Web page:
(nb: I received an advance copy from the publisher via NetGalley)
On Getting to Know Your Dead Best Friend
Winston Churchill is credited with the phrase, “A riddle, wrapped up in a mystery, inside an enigma,” a phrase that perfectly describes Benjamin Constable’s excellent novel, “Three Lives of Tomomi Ishikawa.”
Imagine your best friend kills herself without warning. In her suicide note, you find clues leading you to a place. At that place you discover another clue, leading you further. Then another…then another. And the further you go, the more you doubt everything you know about your friend.
That’s what happens to Ben Constable (the author is the narrator). He’s shocked one day to receive a suicide note from his friend Tomomi Ishikawa, more commonly known as “Butterfly.” He is instructed to go get the laptop computer from her apartment. He returns home to find a letter has been slid under his door. The letter is from her, telling him that she’s left him clues in the computer, leading him on a sort of quest.
He retrieves the computer and scours its files. He finds clues, follows them, and–solving cryptic hints and riddles–finds that he’s supposed to continue his chase to her hometown, New York City. So, Ben flies from Paris to New York, where he picks up the trail anew.
Via his scavenger hunt, he gets a broad tour of New York City. Indeed, he digs in traffic islands, gropes between folds in a statue’s clothing, even destroys a library book on chicken farming. When he solves each clue, he finds a notebook filled with Butterfly’s unique scrawl.
Each of these notebooks describes a killing of some varying degree of horror. With each clue–and each notebook–Ben becomes less sure of how well he knew his Butterfly. The deeper he gets into her dark past, the more certain he becomes that he’s being followed around New York, and that greater forces are at play.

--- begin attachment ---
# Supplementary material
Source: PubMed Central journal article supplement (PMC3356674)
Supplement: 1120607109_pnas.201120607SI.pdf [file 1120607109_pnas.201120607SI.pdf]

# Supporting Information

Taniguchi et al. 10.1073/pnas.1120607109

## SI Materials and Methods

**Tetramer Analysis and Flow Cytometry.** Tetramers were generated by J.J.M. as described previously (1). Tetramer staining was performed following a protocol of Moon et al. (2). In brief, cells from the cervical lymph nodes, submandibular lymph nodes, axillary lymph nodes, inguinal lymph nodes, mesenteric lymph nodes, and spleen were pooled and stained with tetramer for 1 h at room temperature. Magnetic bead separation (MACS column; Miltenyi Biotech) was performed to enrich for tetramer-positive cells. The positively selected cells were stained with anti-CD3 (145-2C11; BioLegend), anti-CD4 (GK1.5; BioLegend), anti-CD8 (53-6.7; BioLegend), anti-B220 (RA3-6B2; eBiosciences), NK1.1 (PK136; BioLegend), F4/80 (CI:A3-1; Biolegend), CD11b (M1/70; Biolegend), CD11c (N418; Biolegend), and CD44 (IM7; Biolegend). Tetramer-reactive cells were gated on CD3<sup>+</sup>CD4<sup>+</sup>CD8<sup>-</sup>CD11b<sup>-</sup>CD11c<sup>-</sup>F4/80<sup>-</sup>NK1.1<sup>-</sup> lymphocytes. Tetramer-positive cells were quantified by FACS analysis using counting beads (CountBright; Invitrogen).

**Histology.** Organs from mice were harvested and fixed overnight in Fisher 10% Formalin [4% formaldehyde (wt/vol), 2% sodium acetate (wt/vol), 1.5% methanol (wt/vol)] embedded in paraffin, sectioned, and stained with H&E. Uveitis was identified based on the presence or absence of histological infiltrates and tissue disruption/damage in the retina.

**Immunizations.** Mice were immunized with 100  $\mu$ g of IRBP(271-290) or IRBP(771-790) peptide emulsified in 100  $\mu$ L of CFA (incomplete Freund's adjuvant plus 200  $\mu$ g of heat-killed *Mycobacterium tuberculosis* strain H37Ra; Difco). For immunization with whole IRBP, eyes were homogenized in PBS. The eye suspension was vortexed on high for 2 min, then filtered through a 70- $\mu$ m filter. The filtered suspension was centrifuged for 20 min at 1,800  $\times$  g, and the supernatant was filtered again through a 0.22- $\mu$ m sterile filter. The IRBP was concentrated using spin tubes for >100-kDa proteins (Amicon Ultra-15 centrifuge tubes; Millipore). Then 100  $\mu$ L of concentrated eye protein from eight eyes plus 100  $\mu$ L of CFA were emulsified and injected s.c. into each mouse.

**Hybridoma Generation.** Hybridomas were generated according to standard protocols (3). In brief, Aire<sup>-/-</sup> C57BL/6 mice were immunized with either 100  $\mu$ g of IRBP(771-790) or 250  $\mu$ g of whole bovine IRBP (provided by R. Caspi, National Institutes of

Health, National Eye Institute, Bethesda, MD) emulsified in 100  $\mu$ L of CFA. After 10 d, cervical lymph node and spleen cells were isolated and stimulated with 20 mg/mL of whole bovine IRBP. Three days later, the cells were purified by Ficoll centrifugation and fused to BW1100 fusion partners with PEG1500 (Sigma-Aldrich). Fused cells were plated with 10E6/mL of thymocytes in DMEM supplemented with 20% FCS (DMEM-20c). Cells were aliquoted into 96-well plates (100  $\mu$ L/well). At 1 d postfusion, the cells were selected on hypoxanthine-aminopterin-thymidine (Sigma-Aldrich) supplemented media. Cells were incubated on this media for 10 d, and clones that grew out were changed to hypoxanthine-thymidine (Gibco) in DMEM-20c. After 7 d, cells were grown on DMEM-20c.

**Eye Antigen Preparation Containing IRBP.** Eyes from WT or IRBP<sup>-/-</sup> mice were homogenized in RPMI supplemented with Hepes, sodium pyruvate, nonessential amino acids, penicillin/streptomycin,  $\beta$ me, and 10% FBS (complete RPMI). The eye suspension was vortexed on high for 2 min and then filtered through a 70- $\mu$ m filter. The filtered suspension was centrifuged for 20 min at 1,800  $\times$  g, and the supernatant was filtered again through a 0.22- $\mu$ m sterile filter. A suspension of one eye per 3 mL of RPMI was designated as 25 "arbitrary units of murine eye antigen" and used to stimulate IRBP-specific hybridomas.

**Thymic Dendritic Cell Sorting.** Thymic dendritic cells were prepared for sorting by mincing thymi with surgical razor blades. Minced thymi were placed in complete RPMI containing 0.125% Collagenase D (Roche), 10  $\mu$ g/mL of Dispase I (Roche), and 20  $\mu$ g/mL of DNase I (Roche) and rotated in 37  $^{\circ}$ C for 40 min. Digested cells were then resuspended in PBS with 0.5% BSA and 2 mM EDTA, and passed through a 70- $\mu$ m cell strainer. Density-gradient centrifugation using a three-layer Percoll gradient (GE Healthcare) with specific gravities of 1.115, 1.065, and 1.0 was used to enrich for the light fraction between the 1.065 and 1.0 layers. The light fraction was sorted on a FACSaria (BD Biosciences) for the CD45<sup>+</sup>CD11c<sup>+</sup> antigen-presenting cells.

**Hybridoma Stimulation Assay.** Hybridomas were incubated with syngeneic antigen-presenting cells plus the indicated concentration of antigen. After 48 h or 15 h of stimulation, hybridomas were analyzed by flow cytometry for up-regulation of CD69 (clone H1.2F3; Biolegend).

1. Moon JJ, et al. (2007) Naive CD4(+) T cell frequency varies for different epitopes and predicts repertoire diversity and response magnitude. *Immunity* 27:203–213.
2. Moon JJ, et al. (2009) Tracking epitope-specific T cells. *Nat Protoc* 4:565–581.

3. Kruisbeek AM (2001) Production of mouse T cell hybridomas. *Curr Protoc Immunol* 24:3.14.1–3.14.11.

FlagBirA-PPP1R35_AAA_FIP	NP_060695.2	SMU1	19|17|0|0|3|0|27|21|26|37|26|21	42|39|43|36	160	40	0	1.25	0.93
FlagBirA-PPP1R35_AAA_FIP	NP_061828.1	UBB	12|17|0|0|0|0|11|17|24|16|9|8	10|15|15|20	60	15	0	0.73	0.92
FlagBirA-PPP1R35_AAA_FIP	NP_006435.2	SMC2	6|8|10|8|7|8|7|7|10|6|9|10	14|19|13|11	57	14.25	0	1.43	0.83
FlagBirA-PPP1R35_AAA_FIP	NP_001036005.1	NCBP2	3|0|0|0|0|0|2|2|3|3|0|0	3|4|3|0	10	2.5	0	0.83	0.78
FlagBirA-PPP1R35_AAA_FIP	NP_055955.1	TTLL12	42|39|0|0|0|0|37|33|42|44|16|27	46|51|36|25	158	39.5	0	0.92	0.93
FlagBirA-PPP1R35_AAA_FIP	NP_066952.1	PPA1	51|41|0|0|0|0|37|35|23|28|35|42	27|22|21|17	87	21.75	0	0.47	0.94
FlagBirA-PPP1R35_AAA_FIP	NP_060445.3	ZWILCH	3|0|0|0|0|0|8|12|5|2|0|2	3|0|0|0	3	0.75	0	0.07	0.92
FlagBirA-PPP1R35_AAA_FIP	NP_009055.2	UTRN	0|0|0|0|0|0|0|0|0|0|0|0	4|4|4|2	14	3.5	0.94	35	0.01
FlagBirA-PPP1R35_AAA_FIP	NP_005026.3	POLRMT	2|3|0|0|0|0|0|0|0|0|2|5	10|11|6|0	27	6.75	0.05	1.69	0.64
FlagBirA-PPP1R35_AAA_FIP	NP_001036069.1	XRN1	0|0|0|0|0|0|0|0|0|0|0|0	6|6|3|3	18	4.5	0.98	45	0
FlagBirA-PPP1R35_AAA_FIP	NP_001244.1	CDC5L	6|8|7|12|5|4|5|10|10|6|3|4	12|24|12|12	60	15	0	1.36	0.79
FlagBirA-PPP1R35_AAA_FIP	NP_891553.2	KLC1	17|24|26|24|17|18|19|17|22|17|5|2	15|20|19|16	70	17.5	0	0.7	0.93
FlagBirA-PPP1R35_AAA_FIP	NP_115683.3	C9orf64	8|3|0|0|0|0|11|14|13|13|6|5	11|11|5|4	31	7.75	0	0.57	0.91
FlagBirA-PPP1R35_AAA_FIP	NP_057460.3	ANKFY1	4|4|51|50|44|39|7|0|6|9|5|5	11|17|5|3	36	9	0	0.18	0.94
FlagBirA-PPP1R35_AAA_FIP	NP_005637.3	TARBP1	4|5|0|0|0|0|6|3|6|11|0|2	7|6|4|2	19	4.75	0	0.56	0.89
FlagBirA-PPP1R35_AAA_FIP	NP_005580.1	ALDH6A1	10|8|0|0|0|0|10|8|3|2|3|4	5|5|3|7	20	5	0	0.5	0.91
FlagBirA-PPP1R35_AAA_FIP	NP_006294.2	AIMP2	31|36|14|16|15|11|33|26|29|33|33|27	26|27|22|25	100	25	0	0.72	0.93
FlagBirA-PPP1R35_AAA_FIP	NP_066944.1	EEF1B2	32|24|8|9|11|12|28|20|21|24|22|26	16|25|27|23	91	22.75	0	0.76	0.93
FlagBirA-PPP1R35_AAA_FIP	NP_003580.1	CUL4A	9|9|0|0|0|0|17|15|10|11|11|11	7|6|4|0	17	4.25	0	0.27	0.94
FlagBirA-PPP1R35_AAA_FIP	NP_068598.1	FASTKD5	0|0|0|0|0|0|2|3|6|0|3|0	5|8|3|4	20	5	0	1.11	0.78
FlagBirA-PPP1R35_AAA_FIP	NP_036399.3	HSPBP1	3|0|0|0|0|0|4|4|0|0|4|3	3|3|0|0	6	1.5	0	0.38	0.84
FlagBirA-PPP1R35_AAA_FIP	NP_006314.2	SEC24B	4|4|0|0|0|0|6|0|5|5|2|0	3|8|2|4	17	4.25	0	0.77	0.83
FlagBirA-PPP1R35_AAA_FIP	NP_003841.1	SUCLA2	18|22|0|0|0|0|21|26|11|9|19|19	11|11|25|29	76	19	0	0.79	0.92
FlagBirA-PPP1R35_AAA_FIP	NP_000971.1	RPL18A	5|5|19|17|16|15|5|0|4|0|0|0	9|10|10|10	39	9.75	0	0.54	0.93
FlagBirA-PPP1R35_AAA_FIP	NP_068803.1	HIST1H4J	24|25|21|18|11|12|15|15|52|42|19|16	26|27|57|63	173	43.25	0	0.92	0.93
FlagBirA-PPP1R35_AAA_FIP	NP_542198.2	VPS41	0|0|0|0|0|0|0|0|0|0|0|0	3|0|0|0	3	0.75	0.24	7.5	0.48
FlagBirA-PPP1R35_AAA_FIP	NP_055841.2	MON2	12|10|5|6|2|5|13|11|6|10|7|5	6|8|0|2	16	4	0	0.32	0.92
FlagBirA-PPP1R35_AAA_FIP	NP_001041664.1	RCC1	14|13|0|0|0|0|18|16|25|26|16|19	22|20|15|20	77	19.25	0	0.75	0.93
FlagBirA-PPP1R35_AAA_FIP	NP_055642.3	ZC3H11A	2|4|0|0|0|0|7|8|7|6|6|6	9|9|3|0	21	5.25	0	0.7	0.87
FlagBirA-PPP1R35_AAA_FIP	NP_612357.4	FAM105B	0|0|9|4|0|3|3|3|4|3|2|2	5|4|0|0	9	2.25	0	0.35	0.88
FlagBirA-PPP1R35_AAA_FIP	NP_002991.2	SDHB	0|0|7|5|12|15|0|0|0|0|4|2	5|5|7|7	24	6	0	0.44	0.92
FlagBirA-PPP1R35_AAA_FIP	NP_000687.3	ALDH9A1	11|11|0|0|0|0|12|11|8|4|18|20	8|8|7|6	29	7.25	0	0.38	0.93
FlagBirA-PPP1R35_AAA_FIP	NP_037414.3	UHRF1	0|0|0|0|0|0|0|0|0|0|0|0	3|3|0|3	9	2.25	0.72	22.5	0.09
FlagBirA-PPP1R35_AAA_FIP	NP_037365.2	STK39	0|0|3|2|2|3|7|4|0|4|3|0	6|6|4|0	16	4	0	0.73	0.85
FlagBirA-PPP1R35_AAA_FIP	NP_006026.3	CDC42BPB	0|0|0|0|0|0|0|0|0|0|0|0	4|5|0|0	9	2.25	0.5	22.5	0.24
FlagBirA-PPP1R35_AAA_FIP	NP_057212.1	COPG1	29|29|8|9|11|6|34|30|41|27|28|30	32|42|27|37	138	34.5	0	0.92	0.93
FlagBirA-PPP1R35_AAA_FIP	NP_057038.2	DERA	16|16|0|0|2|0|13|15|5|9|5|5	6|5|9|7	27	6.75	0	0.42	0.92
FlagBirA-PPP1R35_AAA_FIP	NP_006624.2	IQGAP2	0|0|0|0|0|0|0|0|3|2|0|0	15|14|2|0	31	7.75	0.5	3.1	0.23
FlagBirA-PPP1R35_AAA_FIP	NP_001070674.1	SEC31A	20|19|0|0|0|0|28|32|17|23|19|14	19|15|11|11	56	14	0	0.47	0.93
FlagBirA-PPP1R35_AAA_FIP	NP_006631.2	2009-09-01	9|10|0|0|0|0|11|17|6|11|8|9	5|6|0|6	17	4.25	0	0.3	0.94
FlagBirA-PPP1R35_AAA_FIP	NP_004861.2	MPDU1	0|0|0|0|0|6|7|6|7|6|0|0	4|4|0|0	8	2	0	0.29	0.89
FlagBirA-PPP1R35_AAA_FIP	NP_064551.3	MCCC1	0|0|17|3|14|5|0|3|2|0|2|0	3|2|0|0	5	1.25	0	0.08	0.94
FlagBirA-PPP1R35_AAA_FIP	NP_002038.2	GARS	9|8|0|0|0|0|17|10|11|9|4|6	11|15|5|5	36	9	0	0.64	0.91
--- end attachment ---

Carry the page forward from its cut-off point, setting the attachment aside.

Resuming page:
More worrisome still, he begins to wonder whether his friend Tomomi Ishikawa is really dead at all.
“Three Lives of Tomomi Ishikawa” is what I would call a snowball novel. It starts out as an interesting-enough character study. We don’t really get a sense of Butterfly before her suicide, and from Ben’s narration, we see her as somebody who drank and smoked a lot, and who had a propensity toward moodiness. The two weren’t romantic, and there were even gaps in their platonic friendship following some drunken snit or another.
We don’t know much about Ben at first, either. He really begins to come alive as a character (and a person) once he delves into Butterfly’s odd, posthumous scavenger hunt. We sense, though, that she’s the one thing that added any sort of real excitement–good or bad–to his life.
The odd thing about Butterfly’s mission, is that it doesn’t seem like a final gift to Ben to show how much she loved him, but rather a sort of statement that he didn’t really know her one damned bit.
Benjamin Constable (the author) has created an engrossing story here. We learn that Butterfly had a tough childhood, during which she was raised to perform some horrifying duties when the time came. This changed her, isolating her from the rest of society. This is why we–like Ben (the character)–are so shocked to learn, not only of the horrors Butterfly may have committed, but at the deep subterfuge she undertakes to reveal them to Ben.
Be forewarned: once it has its hooks in you, “Three Lives of Tomomi Ishikawa” is a very difficult book to put down.